Let’s get this out of the way. If Floyd Mayweather and Manny Pacquiao had fought five years ago, they’d be faster and stronger and we’d be less poor since we wouldn’t have to pay as much to watch them.
Ringside seats are going for approximately $1 million, and I paid $100 to watch at home. I could have bought the fight for a mere $90, but high definition was $10 more.
When I paid, I thought, Man, what a good deal. I would have paid $200. I don’t think I would have paid $300. But I might have.
The fight is a throwback. It’s not a throwback because the fighters are a combined 74 years old. It’s a throwback because on Saturday night their fight will be the biggest sporting event in the world. It will be bigger than the NBA and bigger than part III of the NFL Draft.
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There was a time when boxing regularly dominated athletics, a time when boxing, baseball and horse racing ruled U.S. sports. Cars existed then. Computers, fast food and high definition television did not.
Mayweather and Pacquiao have brought boxing back. The stay will be brief. But how many other sporting events would you pay $90 or $100 to watch?
For more than a decade the two men have roamed boxing rings, each dominating in his way. Imagine the world’s two best football or basketball teams playing everybody but each other. Finally they’ll be in the same ring at the same time.
Mayweather is the greatest boxer of our time and perhaps of all time. I’m not saying he’s the greatest fighter. But boxing, hitting without being hit, is his art.
Watch his hands and his feet. Watch the way he frustrates opponents. Unable to get to him, they take uncomfortable and unconventional risks. Those risks often result in repeat meetings with Mayweather’s snapping left jab.
Pacquiao doesn’t play defense the way Mayweather does, but his offense is vastly superior. He comes with fast hands, an array of punches, stunning combinations and deftly moving feet. He’s in, he’s out and he’s on you. His punches swarm.
Pacquiao will be busier than Mayweather because he has to be. Mayweather is 5-8 and has a 72-inch reach. Pacquiao is 5-6 and has a reach of 67 inches. Yet for a man with a compact build, Pacquiao can fight from the outside.
Mayweather is so good defensively that he doesn’t have to sustain an attack. Opponents come to him. He lacks Pacquiao’s power. But Mayweather will catch a guy off balance, surprise him with a punch and down he goes. Mayweather has knocked out 26 of his 47 opponents. Pacquiao has knocked out 38 of his 64.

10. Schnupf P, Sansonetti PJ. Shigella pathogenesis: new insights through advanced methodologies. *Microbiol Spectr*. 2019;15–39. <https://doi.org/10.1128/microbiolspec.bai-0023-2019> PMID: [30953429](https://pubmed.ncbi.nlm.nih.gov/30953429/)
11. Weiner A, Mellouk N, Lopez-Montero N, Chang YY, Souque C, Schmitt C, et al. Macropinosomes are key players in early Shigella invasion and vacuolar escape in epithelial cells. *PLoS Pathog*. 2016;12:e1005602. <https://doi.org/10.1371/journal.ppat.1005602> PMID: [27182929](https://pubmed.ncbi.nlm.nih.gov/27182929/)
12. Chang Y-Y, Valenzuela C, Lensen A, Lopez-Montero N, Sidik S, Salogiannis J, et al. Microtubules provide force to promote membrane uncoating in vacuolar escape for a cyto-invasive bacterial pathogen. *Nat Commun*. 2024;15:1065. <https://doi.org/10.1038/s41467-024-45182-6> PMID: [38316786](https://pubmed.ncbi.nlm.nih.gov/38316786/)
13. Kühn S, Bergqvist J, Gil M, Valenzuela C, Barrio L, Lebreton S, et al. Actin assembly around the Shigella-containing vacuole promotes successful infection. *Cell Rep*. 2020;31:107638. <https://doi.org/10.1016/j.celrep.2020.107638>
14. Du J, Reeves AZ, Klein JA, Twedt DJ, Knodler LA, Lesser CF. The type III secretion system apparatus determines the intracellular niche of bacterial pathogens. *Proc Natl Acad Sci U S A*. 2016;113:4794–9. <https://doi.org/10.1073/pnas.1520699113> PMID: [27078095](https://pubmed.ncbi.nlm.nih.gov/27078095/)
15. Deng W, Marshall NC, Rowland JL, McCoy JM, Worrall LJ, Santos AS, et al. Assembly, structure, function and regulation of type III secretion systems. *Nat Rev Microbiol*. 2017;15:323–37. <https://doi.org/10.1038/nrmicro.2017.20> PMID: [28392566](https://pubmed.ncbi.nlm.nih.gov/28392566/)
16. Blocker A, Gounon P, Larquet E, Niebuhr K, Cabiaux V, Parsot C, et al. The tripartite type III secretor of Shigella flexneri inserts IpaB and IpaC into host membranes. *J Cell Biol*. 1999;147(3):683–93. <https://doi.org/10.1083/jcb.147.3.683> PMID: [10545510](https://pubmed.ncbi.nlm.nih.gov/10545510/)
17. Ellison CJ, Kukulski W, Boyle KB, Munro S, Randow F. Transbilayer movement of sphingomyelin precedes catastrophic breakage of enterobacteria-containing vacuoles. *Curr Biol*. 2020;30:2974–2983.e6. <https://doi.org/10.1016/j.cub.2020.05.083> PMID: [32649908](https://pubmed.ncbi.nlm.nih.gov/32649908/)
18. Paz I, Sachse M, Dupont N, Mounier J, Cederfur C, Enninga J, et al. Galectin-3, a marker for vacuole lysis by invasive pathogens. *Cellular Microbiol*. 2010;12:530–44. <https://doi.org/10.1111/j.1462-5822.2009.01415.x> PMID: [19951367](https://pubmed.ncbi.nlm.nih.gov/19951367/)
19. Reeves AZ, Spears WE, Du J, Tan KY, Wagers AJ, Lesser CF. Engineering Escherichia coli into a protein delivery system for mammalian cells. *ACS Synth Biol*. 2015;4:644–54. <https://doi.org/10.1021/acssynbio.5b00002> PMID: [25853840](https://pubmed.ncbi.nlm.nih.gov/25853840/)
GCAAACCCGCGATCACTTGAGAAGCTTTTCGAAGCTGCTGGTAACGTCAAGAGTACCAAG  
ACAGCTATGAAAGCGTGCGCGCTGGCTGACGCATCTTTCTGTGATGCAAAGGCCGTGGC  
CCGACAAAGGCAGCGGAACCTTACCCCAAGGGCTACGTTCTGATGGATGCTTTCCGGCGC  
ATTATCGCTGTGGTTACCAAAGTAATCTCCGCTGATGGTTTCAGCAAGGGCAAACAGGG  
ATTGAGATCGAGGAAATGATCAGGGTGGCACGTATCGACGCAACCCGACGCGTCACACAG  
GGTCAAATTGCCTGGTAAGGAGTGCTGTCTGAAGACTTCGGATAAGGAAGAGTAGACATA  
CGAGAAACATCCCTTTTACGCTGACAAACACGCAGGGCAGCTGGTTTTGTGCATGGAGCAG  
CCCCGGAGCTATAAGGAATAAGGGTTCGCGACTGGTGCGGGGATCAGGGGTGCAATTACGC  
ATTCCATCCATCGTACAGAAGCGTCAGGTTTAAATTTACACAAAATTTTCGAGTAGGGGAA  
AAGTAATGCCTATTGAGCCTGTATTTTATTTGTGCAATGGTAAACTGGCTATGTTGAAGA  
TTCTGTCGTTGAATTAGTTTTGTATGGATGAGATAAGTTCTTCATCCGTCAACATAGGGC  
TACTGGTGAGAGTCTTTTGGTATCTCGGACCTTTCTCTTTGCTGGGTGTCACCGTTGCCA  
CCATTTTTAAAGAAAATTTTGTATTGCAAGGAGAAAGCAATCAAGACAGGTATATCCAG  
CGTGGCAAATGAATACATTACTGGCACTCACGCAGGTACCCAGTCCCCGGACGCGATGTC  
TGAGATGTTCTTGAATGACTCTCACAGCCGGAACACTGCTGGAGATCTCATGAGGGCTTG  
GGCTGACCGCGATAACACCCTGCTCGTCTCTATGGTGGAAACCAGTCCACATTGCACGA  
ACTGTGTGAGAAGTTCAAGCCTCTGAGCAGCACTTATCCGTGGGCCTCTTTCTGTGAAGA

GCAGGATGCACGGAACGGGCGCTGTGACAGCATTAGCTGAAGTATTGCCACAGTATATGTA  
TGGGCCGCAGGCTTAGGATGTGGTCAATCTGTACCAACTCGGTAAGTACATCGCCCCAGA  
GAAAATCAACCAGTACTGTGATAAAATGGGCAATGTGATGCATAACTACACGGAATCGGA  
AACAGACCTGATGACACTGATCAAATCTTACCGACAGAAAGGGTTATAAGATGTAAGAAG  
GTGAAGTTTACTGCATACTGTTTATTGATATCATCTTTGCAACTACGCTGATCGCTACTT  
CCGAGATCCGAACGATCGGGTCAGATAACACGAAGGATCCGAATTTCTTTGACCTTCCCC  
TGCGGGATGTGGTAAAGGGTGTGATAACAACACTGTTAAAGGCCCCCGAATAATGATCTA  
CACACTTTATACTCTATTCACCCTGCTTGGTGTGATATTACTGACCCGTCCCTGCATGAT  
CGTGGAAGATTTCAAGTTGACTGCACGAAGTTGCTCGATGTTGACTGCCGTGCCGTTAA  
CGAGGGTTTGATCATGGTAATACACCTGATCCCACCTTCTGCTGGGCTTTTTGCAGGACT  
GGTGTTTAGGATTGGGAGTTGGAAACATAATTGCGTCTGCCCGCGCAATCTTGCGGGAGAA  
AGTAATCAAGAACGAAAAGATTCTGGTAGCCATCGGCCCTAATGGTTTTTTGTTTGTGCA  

The danger for Pacquiao is that Mayweather, who adjusts beautifully as a fight wears on, will anticipate the angles from which Pacquiao’s punches come. If he can time Pacquiao’s in-and-out style, Pacquiao has little chance to win.
The danger for Mayweather is that his laid back come-get-me philosophy will fail to suffice. If Pacquiao can get to him and win the early rounds, Mayweather will have to open up.
At 38, Mayweather is two years older than Pacquiao. But Pacquiao has fought more and been hit more. Both are superbly conditioned. But Pacquiao’s body is older.
Mayweather, 47-0, has fought 363 rounds. Pacquiao, 57-5-2, has fought 407.
Everybody has their favorite. Famous people are asked to predict a winner. Many of them sound as if they know little about the fighters or the sport.
Boxing fans could condescend. How dare you make a prediction! You think you know these guys? Spell “Pacquiao” without looking it up. No way do you nail the four vowel combination with which he ends his name.
Boxing fans shouldn’t condescend, because the sport needs peripheral fans. Peripheral fans have turned this from a fight into an international event.
The boxing bandwagon has for decades been a driver and a collection of empty seats. Go to a boxing card in or around Charlotte – even one as stunning as the March 6 Roy Jones Jr. card in Cabarrus County – and you feel as if you’re at a reunion. The same people show up for cards big and small.
Mayweather and Pacquiao won’t change that. Boxing tends to go as the heavyweights go, and that division has long lacked drama. But no fight in history has generated the revenue – and probably the attention and perhaps the drama – that Mayweather and Pacquiao have.
I respect Pacquiao as a man and as a fighter, so I’m picking him to win. That’s my heart talking, but my head believes, too.
Pacquiao is the underdog, and he would have been if they fought five years ago.
Five years ago doesn’t matter. What matters, finally and beautifully, is Saturday night.
Sorensen: 704-358-5119; firstname.lastname@example.org; Twitter: @tomsorensen